2
\$\begingroup\$

I want to do some experiments developing brushless DC motor control hardware, and maybe wiring my own motors for my own edification. LiPo batteries aren't convenient enough, and I want current-limiting protection against shorts or failure in my electronics or motors.

The intention is to use commercial 'Hobby' RC BLDC motors, and my own hardware to drive BLDC motors. (I will try to use commercial RC ESCs as well, for testing)

Almost all of the BLDC motors I am interested in are 3 LiPo, i.e. a nominal 11.1V, or less.

I would like a bench power supply which lets me set the current limit, in order to reduce the chance of damaging my electronics or motors. The aim is to emulate LiPo batteries, but with a user-defined current limit. For the sort of things I expect to do, 40A should be plenty.

Unfortunately, the sort of equipment sold by electronics distributors is unacceptably expensive. 40A Bench PSU's seem to start at 500GBP, which is too much cost for a 'hobby' project when motors and electronics are under 50GBP. e.g. Farnell

So I am looking for a cheaper solution which would provide over-curret tripping (like an electronic fuse).

There are lots of switch mode power supplies which claim 12V at 40A or more, for around 50GBP. 12V is close enough to 3LiPo's that it is an acceptable compromise.

A real bench power supply limits the current, and that would be ideal. However, I don't see a way to achieve that at sub-100GBP. Something which rapidly turns off power when it detects over-current, would be an acceptable compromise (unless I am missing something).

I could make an over-current sensor using an off-the-shelf current shunt measuring chip, and a microcontroller. I would 'dial in' my required current limit using a suitably tasteful human interface. It would measure the actual current, and signal an over current measurement, which needs to disable the power supply.

I am not sure how fast switch-off should be. I expect, say, 20ms (1 cycle of UK mains) would be good enough (500W for 50th second sounds survivable). I would like faster, but I am assuming I might need to switch the mains input power off. I would much prefer a solution which does not require me to control the mains input.

I am happy to put fuses in the line too, but I do not believe they are flexible enough, or convenient enough to be the primary current limit

I had imagined some switched power supplies would have an "enable" input, but I haven't found any so far.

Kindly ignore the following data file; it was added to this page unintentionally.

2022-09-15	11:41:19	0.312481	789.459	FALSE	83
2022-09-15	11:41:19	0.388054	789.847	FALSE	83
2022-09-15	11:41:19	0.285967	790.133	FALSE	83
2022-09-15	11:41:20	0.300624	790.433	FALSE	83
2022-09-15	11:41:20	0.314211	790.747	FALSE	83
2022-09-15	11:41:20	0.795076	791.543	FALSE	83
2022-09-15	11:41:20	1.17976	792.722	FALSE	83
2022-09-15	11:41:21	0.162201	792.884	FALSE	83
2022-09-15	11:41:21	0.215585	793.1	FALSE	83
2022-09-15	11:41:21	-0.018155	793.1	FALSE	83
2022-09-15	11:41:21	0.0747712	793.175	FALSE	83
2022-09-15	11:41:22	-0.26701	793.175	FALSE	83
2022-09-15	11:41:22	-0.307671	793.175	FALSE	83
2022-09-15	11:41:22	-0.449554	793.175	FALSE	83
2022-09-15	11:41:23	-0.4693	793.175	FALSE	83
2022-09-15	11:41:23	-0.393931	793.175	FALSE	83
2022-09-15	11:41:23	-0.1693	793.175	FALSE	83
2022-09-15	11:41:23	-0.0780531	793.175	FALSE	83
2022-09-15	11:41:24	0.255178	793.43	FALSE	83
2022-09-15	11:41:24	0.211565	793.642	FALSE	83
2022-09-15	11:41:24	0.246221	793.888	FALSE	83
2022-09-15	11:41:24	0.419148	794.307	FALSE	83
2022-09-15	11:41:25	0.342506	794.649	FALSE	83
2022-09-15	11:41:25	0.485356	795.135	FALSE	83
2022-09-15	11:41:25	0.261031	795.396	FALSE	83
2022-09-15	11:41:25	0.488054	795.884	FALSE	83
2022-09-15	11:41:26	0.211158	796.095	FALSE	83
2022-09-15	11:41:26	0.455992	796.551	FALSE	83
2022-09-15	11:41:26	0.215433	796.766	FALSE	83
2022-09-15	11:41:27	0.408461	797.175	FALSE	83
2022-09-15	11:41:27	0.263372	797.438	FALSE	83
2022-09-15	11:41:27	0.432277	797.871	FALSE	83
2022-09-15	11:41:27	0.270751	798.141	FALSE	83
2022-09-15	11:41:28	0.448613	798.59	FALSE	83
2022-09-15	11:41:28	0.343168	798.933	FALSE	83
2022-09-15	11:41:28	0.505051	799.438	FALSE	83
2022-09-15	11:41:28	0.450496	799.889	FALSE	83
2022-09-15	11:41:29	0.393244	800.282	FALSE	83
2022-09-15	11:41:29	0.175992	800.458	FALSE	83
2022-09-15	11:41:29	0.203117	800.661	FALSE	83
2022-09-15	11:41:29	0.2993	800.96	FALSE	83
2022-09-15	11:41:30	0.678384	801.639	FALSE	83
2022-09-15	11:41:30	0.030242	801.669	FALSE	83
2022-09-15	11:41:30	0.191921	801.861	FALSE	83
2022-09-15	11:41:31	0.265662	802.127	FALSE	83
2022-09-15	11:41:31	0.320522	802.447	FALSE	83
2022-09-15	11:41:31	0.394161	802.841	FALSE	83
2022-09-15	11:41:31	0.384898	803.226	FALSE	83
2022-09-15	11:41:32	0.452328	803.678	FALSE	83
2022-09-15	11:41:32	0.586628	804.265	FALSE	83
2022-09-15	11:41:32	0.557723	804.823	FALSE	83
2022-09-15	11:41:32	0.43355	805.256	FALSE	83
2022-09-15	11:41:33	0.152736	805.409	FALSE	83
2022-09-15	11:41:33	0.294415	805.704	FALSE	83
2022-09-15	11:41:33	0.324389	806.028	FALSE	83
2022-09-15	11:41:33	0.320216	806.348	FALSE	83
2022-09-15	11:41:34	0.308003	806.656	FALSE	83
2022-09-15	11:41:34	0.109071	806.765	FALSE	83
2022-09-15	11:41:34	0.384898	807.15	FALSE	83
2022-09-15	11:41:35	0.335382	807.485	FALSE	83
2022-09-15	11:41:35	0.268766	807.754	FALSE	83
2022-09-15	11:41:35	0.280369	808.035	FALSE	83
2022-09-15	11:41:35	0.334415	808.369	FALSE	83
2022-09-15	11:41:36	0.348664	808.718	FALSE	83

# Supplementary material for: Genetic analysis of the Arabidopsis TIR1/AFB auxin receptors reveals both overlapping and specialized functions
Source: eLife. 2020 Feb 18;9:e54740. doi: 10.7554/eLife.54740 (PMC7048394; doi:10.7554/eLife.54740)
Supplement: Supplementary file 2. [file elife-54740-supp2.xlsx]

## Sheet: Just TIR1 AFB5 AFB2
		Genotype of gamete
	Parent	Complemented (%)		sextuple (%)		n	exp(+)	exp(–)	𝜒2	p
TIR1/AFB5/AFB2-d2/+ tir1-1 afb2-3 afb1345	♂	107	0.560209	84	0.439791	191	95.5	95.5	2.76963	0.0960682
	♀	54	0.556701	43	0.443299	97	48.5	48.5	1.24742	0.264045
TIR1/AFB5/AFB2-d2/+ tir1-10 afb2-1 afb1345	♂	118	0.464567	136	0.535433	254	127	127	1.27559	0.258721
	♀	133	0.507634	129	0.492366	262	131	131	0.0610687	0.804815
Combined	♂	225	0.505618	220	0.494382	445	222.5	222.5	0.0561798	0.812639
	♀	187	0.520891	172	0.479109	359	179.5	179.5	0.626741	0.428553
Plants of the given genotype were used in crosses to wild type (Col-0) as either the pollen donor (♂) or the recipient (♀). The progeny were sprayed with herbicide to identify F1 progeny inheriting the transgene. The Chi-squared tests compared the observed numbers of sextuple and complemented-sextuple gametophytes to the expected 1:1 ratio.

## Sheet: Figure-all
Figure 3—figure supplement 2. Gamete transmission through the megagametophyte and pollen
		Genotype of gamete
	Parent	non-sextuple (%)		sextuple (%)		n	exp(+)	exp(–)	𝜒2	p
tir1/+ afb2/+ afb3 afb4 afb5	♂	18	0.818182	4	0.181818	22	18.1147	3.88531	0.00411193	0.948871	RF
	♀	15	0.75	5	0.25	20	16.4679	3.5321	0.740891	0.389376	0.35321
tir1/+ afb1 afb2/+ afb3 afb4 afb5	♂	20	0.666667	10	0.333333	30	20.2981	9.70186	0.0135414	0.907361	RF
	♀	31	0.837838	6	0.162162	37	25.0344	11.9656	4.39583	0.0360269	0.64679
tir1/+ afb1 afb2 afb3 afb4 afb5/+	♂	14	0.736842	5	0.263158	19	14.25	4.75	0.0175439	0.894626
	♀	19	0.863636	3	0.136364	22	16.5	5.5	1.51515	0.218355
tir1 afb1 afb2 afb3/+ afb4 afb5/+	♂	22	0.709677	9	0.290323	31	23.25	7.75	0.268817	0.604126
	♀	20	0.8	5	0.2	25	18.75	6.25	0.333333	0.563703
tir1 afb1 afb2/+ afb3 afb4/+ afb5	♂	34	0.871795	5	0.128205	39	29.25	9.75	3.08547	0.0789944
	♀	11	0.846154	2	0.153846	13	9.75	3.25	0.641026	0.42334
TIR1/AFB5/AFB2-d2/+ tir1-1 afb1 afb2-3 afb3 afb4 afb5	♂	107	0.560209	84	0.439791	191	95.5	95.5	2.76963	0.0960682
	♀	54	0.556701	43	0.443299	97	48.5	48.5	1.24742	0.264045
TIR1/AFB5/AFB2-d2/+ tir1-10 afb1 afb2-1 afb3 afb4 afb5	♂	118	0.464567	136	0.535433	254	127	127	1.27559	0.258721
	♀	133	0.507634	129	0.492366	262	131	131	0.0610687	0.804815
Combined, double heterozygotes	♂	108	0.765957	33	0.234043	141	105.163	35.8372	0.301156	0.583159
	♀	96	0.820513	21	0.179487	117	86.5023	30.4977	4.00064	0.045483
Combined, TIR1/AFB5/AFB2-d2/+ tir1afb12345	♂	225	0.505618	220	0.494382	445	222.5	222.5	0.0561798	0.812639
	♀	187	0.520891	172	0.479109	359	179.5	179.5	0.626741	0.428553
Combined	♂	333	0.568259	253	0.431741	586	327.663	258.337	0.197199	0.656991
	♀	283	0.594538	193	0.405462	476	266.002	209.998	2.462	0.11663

Edit: Q1: is no longer relevant
The proposal is to 'disconnect' the PSU power from the BLDC driver after the PSU, using a suitable implementation of an electronic fuse.

Q1a. Will a rapid (couple of ms) disconnect of the PSU from the reactive load create a problem that might damage a switched PSU?

Q2: There is going to be a lot of quite high frequency modulation from the motor control PWM, as it switches power to the motors (I am guessing in 100's of kHz). Is it likely that this will significantly effect a switched power supply, and maybe even make the whole idea unworkable? Might a simple fix, be several mF of capacitors, or is it more complex than that (i.e. it'd need a tuned circuit, Edit: or adjust motor PWM to work around the power supply)?

Edit Q3: was "I assume the current shunt should be on the high-side. Is that correct?"
Response:
Commercial RC ESC's don't care because they are designed to work off batteries.

However, using a high-side shunt should make experiments and test-rig measurement a bit easier, by maintaining a ground reference.

\$\endgroup\$
  • \$\begingroup\$ Have you considered using lead-acid batteries with an adjustable current limit or a current-activated disconnect? \$\endgroup\$ – EM Fields Aug 10 '14 at 20:59
  • \$\begingroup\$ @EM Fields - No, I hadn't thought of using that. I think I am describing a DIY "current-activated disconnect". However, if you can point me at a ready made commercial device that I can 'dial in' my current limit then I think I may be a happy man! \$\endgroup\$ – gbulmer Aug 10 '14 at 21:11
  • \$\begingroup\$ I just Googled "electronic fuse" and got a huge number of hits... Sounds like a fun design project, though, so I'll see if I can work up something cheap (inexpensive ;) to build and post the details it in a day or two. \$\endgroup\$ – EM Fields Aug 10 '14 at 21:28
  • \$\begingroup\$ @EMFields - That is a very kind offer, and more than I could hope for. My initial searches for 'electronic fuse' are turning up devices which are under 5A (consumer electronics), so even if you only point at a plausible device, that would help. I am going to pursue 'high-side current shunts', which was my initial idea for sensing. I guess I need either a high-side driver for an N-MOSFET, or a pretty beefy P-MSOFET \$\endgroup\$ – gbulmer Aug 10 '14 at 22:10
  • \$\begingroup\$ That sounds about right. :-) \$\endgroup\$ – EM Fields Aug 10 '14 at 22:54
3
\$\begingroup\$

You want a power supply that reasonably regulates voltage and can put out 1/2 killowatt at 12 V. That's going to cost some money one way or another. If you add to that current limiting (current regulation) and adjustable voltage, it will cost even more money. These things take some engineering to do well, safely, with regulatory approval, and the volume won't be that high. That all means a commercial product that does all that will cost real money.

If you are going to draw 40 A, then maybe you should be using a higher voltage, like 24 or 48 V. 40 A is going to require thick cable and will otherwise create hassles. You can probably deliver and use 10 A at 48 V more efficiently than 40 A at 12 V. Note that the issue around efficiency isn't so much wasting the power, but dealing with the heat the wasted power causes. A 90% efficient 480 W supply will cause about 50 W of heat.